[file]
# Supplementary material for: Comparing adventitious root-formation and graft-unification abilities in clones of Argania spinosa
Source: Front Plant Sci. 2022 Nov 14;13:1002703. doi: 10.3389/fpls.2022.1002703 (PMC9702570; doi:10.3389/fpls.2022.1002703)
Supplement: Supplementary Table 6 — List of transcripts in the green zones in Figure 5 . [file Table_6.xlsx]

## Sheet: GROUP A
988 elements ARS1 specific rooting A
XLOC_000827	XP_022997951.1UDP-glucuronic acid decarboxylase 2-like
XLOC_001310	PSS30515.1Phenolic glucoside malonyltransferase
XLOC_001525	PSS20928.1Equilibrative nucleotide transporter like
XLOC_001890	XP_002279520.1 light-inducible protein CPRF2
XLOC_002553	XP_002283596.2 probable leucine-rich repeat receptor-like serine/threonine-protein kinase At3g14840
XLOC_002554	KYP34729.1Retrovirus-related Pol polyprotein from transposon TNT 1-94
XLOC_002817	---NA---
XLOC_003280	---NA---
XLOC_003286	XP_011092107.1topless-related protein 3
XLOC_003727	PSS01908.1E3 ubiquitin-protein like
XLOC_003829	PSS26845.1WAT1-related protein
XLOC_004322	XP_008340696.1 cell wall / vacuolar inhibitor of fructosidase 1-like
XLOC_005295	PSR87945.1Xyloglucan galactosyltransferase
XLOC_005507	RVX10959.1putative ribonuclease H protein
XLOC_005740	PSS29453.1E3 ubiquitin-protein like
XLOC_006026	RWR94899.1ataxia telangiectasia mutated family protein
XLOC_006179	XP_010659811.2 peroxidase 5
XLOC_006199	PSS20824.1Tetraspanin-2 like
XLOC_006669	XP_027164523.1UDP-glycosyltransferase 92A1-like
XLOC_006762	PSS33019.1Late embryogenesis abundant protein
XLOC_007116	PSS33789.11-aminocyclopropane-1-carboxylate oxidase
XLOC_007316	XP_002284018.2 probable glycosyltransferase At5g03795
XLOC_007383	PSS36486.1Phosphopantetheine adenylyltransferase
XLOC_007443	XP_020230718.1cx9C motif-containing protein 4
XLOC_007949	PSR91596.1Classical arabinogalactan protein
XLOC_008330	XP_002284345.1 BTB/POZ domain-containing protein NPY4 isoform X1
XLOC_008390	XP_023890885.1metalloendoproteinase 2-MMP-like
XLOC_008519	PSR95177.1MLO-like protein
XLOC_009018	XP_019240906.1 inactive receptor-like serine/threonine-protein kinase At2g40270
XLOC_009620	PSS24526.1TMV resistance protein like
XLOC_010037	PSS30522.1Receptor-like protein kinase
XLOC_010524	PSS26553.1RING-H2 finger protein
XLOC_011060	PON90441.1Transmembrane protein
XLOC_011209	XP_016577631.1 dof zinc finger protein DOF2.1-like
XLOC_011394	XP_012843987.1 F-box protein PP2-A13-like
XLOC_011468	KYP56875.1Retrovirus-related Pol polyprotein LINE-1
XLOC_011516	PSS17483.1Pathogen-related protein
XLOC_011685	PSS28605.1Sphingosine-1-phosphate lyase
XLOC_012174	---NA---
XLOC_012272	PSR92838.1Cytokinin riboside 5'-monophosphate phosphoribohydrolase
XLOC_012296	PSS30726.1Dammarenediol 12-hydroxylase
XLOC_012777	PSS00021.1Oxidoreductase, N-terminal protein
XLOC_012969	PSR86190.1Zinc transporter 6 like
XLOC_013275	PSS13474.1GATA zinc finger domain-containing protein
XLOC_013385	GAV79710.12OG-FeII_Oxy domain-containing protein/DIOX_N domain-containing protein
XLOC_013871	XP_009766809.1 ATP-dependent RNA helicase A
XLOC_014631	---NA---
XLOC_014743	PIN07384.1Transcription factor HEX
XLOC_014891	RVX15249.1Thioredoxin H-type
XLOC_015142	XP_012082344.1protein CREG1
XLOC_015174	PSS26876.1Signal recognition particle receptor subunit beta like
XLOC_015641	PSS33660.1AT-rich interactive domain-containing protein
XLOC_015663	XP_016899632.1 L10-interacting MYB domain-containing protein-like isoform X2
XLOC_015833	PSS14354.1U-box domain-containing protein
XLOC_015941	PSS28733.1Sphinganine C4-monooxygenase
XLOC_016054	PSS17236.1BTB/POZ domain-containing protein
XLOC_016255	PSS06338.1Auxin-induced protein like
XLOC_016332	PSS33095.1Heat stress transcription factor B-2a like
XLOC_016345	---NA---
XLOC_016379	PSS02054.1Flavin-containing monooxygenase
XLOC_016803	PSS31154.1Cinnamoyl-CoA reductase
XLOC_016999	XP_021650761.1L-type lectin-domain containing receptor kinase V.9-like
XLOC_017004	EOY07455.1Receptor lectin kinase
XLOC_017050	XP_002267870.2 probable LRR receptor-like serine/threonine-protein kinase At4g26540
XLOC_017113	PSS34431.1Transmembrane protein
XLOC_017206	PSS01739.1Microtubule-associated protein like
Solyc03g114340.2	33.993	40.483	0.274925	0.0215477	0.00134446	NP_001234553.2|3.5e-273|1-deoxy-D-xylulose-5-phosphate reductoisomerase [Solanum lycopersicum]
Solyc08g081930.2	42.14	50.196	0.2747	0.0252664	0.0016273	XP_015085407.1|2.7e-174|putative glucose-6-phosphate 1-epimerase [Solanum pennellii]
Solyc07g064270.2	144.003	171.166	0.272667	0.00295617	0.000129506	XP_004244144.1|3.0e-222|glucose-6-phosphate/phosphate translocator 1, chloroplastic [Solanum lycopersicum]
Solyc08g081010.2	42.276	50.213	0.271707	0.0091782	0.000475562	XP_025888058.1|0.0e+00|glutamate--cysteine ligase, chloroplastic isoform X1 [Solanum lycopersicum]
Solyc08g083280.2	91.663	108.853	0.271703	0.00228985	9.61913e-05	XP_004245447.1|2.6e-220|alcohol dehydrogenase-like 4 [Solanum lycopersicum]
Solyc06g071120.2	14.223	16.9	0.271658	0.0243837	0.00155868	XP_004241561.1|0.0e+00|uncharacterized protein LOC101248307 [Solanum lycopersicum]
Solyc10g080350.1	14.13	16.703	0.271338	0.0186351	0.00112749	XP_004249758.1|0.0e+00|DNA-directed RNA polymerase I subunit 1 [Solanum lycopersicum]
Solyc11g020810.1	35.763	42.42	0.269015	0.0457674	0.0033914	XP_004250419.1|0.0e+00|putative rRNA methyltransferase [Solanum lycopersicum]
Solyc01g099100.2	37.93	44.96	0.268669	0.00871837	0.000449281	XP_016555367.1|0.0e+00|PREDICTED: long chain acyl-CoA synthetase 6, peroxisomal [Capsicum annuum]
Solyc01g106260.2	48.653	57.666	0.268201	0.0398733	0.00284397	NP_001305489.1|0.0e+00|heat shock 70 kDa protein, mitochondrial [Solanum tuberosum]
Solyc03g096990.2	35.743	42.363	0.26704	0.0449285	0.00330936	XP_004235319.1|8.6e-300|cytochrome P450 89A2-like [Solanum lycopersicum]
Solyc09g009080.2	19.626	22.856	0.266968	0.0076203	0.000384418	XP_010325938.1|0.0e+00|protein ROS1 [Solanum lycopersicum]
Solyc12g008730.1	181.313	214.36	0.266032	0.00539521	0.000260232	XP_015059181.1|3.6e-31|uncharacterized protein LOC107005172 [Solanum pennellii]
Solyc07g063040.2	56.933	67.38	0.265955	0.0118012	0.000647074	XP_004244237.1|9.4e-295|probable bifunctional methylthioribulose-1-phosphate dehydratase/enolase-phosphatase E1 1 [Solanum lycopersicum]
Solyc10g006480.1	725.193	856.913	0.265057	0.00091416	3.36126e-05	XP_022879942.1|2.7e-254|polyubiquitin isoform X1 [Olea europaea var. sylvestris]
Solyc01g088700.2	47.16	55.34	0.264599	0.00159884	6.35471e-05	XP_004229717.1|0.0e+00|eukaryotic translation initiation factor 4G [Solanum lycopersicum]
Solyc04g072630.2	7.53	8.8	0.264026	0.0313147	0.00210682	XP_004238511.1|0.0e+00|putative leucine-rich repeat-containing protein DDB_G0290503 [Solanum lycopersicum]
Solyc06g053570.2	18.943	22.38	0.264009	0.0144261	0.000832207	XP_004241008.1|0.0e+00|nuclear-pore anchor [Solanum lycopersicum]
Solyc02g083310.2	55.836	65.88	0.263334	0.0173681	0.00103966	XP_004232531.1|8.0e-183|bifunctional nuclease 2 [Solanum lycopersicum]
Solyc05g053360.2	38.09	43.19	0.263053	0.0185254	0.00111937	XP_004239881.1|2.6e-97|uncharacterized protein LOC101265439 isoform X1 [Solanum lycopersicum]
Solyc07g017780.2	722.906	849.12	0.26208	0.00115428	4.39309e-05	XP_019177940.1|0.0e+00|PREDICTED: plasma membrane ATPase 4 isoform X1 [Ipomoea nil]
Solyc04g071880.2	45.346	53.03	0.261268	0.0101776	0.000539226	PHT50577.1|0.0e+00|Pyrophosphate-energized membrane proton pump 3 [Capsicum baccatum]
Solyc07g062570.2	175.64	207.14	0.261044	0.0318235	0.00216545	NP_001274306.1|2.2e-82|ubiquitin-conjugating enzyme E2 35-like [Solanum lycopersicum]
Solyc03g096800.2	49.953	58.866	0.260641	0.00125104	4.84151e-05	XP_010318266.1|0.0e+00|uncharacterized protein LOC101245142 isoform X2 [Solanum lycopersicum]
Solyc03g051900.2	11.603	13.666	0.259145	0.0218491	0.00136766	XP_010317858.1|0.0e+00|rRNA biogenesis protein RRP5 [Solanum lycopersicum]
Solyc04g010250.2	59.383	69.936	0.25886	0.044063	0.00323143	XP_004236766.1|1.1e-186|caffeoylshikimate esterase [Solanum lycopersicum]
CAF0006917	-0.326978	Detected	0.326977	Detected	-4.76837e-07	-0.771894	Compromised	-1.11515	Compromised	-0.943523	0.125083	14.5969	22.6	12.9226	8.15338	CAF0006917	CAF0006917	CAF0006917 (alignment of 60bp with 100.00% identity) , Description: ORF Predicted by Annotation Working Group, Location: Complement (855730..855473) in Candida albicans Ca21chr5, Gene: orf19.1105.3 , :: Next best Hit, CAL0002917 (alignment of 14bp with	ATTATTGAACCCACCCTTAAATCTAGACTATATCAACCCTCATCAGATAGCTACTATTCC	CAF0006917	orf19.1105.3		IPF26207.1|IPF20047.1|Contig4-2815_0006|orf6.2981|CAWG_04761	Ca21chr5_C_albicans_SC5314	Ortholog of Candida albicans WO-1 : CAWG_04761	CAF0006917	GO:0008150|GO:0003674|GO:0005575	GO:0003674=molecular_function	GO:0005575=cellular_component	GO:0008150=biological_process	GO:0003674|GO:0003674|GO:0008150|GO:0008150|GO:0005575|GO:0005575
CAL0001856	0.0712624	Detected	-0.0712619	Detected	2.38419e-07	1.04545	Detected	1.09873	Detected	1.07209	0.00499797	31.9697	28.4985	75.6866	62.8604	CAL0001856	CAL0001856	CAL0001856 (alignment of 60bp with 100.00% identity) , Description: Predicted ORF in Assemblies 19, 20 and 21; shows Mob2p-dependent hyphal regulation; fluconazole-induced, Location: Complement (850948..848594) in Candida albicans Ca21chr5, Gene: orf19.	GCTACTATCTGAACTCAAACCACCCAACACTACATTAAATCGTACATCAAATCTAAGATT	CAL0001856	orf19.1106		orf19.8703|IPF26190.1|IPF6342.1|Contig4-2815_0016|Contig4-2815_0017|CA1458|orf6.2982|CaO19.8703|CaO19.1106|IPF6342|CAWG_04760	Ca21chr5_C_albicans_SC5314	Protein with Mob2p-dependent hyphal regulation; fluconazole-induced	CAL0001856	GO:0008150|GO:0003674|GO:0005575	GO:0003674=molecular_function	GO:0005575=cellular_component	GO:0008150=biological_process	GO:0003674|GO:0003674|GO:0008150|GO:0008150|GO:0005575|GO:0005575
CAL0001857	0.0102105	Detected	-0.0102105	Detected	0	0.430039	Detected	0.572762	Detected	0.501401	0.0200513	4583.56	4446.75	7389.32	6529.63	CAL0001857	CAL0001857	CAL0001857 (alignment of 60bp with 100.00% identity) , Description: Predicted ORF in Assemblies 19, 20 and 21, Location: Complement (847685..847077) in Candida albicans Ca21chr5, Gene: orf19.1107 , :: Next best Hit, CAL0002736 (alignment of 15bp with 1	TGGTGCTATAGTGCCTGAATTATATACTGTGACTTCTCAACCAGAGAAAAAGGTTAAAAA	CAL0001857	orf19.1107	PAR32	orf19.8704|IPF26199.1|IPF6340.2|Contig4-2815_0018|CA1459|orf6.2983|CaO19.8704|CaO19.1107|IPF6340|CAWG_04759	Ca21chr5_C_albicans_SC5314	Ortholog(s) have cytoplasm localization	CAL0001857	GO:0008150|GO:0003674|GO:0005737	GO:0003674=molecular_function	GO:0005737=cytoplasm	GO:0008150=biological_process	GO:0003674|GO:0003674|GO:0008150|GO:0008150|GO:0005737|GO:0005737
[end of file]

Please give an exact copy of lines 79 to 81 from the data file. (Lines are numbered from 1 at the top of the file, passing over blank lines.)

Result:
Solyc11g020810.1	35.763	42.42	0.269015	0.0457674	0.0033914	XP_004250419.1|0.0e+00|putative rRNA methyltransferase [Solanum lycopersicum]
Solyc01g099100.2	37.93	44.96	0.268669	0.00871837	0.000449281	XP_016555367.1|0.0e+00|PREDICTED: long chain acyl-CoA synthetase 6, peroxisomal [Capsicum annuum]
Solyc01g106260.2	48.653	57.666	0.268201	0.0398733	0.00284397	NP_001305489.1|0.0e+00|heat shock 70 kDa protein, mitochondrial [Solanum tuberosum]